May 25, 1995
Vol. 14, No. 18

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    University offering humanities M.A. program in Japan

    After extensive negotiations and planning, the University has established a Master of Arts Program in the Humanities in Japan. The program represents the first time a major American research institution will be offering a graduate-level degree program in Japan.

    "We have established this new program in response to the growing demand by Japanese professionals for graduate-level education to advance their academic and career goals," President Sonnenschein said.

    "The Division of the Humanities, which has long had important programs in East Asian languages and civilizations, is delighted to be able to offer a program of this kind for Japanese students," said Philip Gossett, Dean of the Humanities Division.

    Approximately 40 students -- who represent a wide range of professional experience and who all have undergraduate degrees from major Japanese institutions, such as Tokyo University -- have been accepted in the program, set to begin June 30.

    Students in the program will include a vice president from Lehman Brothers Japan, an assistant vice president of Citibank Tokyo, an official of the Japanese Ministry of Education, an interpreter who has worked with former Presidents Jimmy Carter and Gerald Ford, a well-known author of children's stories, a social worker, high-school teachers and government officials.

    One major advantage of the new master's program for Japanese professionals is that they will be able to continue with their professional lives during the day and will only be required to study in the United States for two five-week periods. The first degrees will be awarded in August 1997.

    "In Japan, there is a demand for a high-profile master of arts degree from a prestigious American university," said Philippe Desan, Associate Dean of the Humanities Division and Director of the Master of Arts Program in the Humanities in Japan. "The program we are offering will appeal to internationally minded working young people who seek to enhance their career opportunities and who would like to become more knowledgeable about issues in the humanities currently being debated on this side of the Pacific. We will be offering an intensive program focusing on the development of critical, analytic and writing skills -- exactly what professionals in Japanese society are looking for, and exactly what the University of Chicago has always done best. And as we see in our first pool of students, we have attracted the creme de la creme of Japanese professionals."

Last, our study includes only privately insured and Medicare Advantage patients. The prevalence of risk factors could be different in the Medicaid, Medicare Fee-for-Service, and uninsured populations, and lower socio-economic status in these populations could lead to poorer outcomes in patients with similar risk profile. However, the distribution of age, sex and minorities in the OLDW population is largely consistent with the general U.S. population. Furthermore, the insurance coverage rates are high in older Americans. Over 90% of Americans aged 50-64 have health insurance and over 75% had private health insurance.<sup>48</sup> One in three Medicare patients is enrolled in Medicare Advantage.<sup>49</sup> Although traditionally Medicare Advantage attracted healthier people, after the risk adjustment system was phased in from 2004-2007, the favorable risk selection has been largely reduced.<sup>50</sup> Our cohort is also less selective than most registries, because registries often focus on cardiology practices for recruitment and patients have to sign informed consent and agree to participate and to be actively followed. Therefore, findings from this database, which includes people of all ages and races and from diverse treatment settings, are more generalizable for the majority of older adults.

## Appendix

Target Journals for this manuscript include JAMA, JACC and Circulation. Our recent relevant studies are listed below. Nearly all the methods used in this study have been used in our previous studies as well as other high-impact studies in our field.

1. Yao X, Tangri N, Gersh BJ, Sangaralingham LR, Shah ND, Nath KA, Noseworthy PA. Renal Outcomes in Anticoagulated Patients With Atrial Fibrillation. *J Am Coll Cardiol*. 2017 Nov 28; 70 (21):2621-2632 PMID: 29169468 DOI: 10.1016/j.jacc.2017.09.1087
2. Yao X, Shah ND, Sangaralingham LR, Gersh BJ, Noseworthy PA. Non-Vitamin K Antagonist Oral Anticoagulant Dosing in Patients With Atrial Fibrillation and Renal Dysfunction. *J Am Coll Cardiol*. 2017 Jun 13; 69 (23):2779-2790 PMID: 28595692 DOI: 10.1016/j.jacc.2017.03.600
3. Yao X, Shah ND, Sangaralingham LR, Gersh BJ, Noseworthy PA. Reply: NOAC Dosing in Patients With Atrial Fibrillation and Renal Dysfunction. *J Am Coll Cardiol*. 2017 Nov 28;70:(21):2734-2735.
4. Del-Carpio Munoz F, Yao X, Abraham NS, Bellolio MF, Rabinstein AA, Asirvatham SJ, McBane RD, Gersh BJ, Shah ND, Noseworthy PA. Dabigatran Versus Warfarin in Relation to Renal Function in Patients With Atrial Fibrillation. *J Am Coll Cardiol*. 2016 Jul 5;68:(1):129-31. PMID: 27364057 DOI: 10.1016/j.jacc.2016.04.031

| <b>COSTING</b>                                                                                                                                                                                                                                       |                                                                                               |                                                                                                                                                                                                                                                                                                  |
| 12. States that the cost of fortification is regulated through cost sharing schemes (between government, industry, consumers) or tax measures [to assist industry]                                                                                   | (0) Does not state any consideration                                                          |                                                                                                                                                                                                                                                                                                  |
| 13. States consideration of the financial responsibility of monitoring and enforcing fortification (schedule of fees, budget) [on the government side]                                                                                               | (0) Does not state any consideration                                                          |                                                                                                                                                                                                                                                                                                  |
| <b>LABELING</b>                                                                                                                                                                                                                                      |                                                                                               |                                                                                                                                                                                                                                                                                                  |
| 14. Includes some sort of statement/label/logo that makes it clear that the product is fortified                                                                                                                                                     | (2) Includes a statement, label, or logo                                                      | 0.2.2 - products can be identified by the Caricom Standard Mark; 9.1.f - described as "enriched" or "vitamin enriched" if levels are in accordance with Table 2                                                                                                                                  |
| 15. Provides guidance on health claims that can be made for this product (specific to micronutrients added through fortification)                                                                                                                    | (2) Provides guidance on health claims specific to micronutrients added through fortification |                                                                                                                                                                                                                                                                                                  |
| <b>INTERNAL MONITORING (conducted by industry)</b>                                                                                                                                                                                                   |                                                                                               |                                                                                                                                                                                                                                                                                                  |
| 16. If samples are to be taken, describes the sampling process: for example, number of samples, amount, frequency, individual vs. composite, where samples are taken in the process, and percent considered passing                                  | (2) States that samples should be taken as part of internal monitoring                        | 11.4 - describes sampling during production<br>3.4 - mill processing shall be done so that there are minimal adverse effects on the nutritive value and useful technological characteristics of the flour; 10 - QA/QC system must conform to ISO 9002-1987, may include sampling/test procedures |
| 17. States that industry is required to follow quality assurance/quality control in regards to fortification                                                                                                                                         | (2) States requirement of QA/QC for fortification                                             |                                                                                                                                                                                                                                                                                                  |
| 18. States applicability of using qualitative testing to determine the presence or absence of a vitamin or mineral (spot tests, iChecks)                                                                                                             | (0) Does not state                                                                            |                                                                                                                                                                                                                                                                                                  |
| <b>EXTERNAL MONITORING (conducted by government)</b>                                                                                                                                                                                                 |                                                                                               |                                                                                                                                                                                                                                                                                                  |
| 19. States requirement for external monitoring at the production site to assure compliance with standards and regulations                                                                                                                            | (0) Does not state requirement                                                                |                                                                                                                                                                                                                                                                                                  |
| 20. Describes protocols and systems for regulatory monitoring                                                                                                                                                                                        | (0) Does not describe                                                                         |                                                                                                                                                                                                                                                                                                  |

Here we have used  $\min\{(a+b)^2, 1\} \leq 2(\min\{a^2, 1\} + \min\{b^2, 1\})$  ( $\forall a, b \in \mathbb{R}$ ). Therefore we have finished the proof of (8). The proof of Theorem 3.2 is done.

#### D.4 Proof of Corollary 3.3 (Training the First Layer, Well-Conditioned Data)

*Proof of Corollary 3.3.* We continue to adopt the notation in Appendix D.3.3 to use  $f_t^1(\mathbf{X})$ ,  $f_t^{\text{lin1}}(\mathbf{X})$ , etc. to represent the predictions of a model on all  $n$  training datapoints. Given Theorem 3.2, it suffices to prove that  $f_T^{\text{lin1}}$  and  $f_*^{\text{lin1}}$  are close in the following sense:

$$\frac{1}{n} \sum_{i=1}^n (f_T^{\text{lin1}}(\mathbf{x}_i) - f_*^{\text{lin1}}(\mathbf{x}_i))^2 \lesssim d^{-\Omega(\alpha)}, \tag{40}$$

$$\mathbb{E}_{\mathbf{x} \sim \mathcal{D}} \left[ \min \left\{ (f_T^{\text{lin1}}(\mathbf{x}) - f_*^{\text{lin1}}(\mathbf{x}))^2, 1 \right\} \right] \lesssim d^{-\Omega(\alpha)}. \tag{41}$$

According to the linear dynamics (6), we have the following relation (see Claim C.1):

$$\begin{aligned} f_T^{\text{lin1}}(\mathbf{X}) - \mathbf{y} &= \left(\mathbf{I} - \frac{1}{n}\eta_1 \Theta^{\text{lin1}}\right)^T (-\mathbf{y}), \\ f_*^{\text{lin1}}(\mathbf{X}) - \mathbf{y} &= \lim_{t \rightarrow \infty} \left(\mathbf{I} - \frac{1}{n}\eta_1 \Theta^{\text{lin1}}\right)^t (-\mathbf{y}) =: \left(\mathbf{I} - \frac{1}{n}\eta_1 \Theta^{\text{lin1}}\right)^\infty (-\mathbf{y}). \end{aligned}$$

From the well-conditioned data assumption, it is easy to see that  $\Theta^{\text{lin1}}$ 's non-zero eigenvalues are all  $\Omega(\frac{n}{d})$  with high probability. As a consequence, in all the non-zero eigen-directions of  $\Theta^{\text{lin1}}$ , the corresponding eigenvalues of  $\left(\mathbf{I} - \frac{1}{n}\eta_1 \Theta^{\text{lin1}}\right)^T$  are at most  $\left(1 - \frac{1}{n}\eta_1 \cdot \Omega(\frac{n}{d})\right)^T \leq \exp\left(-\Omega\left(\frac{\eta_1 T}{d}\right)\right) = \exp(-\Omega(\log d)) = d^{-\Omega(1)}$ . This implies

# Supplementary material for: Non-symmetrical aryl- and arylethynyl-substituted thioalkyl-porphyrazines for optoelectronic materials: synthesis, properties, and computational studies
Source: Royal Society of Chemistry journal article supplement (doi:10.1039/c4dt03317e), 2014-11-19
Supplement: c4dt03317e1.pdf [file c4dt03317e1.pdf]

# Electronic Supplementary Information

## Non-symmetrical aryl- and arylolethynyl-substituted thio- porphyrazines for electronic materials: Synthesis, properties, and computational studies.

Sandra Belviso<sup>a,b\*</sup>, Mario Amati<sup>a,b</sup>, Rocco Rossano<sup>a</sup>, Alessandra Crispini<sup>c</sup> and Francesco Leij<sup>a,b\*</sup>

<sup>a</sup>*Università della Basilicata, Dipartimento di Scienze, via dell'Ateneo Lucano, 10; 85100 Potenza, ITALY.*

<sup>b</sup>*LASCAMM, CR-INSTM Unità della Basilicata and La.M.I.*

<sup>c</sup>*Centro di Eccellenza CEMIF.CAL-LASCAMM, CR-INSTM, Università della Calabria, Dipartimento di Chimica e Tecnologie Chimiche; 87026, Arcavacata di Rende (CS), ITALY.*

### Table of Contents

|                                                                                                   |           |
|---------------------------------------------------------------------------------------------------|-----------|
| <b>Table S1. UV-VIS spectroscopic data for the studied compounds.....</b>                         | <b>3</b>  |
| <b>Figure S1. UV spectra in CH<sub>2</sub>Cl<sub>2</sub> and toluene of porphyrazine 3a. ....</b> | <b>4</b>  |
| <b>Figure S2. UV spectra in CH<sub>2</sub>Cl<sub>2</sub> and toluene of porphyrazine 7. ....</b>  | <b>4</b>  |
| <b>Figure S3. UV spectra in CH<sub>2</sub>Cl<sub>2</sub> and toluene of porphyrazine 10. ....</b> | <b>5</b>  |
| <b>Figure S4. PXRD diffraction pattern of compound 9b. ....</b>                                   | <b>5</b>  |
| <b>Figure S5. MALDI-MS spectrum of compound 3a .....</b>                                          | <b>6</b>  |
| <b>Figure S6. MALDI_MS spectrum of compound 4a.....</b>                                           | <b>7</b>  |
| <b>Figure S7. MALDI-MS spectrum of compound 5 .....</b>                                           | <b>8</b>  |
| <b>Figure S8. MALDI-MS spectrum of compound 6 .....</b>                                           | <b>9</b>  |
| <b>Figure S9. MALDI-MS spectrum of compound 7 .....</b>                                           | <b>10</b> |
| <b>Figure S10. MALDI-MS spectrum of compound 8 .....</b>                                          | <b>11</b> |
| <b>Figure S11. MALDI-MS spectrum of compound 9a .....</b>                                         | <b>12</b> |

The new program will offer a variety of humanities and social-sciences courses, with an emphasis on American culture, taught by University faculty members. Summer and fall courses in 1995 will be taught by James Redfield, the Howard L. Willett Professor in the Committee on Social Thought; Herman Sinaiko, Professor in the Humanities; and Joseph Williams, Professor in English Language & Literature. They will be assisted by four advanced graduate degree candidates at Chicago. Classes will be held in space leased from the International Education Center in Tokyo.

    Designed to take just over two years to complete, the program offers a core component of required courses. These include Modes of Discourse & Structures of Response, Perspectives in Social Science Analysis, and Issues & Texts: Strategies of Interpretation. Students can then select from elective courses -- primarily in the humanities but including some social-sciences courses -- to design their own programs of study according to their personal and professional needs. The academic requirements for the new program are similar to those for earning other master of arts degrees at Chicago.

    -- Jeff Makos